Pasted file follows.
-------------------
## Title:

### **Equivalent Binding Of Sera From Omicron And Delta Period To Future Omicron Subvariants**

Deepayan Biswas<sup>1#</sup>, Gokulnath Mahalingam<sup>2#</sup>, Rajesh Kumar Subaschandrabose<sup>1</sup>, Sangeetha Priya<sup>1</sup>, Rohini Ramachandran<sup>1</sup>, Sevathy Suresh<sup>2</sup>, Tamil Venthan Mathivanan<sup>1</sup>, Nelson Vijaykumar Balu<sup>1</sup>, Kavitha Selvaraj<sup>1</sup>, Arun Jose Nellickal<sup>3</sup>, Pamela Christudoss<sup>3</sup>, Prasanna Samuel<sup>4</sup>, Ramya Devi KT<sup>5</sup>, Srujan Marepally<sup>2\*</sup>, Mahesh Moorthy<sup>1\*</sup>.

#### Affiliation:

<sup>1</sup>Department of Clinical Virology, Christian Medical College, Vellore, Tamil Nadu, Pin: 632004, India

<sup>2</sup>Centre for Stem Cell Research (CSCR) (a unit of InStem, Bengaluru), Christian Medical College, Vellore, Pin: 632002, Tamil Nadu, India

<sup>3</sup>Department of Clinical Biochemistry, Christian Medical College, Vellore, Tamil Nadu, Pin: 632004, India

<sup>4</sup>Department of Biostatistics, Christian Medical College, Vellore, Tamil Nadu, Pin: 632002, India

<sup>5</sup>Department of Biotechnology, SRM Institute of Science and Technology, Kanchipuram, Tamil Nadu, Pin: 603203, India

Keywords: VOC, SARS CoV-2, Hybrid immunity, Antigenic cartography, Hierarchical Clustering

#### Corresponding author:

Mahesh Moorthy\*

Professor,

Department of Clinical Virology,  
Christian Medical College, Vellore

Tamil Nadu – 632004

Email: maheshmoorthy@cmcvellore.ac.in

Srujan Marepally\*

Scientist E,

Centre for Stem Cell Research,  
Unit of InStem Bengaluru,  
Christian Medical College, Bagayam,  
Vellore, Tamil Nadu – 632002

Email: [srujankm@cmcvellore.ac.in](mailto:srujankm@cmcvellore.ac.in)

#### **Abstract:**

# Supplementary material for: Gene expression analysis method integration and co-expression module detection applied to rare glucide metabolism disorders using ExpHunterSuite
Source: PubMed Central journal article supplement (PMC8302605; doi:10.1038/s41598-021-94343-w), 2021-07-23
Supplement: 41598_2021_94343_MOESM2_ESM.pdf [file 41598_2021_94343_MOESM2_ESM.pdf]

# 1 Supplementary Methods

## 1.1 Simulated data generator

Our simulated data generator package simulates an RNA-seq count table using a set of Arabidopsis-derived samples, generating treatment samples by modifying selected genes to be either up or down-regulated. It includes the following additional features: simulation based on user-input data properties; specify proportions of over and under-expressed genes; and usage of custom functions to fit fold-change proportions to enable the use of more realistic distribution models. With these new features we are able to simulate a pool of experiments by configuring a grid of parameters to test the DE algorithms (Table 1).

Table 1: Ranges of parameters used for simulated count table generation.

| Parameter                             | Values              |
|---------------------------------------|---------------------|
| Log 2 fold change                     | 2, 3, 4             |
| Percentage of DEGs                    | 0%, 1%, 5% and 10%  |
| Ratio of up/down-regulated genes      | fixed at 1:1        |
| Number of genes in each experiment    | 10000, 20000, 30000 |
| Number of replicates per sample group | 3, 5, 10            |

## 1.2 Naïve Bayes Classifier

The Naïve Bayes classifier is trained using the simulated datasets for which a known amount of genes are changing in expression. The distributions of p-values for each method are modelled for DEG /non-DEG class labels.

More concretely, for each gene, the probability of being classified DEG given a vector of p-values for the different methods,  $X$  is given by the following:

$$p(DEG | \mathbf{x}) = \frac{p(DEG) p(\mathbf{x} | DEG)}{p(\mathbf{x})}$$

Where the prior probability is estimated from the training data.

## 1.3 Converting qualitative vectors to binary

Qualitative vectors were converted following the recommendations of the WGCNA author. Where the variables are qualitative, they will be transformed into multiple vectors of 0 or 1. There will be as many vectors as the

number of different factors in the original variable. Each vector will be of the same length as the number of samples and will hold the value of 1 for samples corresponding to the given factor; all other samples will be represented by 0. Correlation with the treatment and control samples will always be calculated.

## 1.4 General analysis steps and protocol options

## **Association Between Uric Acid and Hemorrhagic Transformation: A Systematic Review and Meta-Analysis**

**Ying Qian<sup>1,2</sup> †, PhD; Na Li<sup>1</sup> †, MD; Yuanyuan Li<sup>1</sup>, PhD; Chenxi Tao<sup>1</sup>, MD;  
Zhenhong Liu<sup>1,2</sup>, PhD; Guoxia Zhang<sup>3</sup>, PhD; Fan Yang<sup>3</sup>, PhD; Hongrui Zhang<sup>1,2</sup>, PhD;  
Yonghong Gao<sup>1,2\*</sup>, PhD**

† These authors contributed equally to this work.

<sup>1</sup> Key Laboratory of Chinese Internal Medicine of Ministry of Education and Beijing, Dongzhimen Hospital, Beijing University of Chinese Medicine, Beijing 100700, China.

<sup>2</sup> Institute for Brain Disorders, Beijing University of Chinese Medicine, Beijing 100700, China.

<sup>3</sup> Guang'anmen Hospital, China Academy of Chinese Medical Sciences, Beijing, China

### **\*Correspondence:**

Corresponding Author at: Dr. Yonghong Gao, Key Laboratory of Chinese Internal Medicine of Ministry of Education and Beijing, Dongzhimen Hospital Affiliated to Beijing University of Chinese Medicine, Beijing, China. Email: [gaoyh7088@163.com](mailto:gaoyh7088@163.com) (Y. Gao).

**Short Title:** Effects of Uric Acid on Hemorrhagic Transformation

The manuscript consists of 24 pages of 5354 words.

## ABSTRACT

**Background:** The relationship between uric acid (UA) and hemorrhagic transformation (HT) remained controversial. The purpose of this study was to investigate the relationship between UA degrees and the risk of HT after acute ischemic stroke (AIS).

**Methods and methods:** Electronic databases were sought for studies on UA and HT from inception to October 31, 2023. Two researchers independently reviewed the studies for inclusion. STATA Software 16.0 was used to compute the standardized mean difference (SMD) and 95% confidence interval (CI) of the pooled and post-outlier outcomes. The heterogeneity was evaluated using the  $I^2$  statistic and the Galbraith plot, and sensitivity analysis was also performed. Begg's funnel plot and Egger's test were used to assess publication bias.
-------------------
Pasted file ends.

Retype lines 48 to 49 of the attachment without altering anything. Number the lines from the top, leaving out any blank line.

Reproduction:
## 1.4 General analysis steps and protocol options

## **Association Between Uric Acid and Hemorrhagic Transformation: A Systematic Review and Meta-Analysis**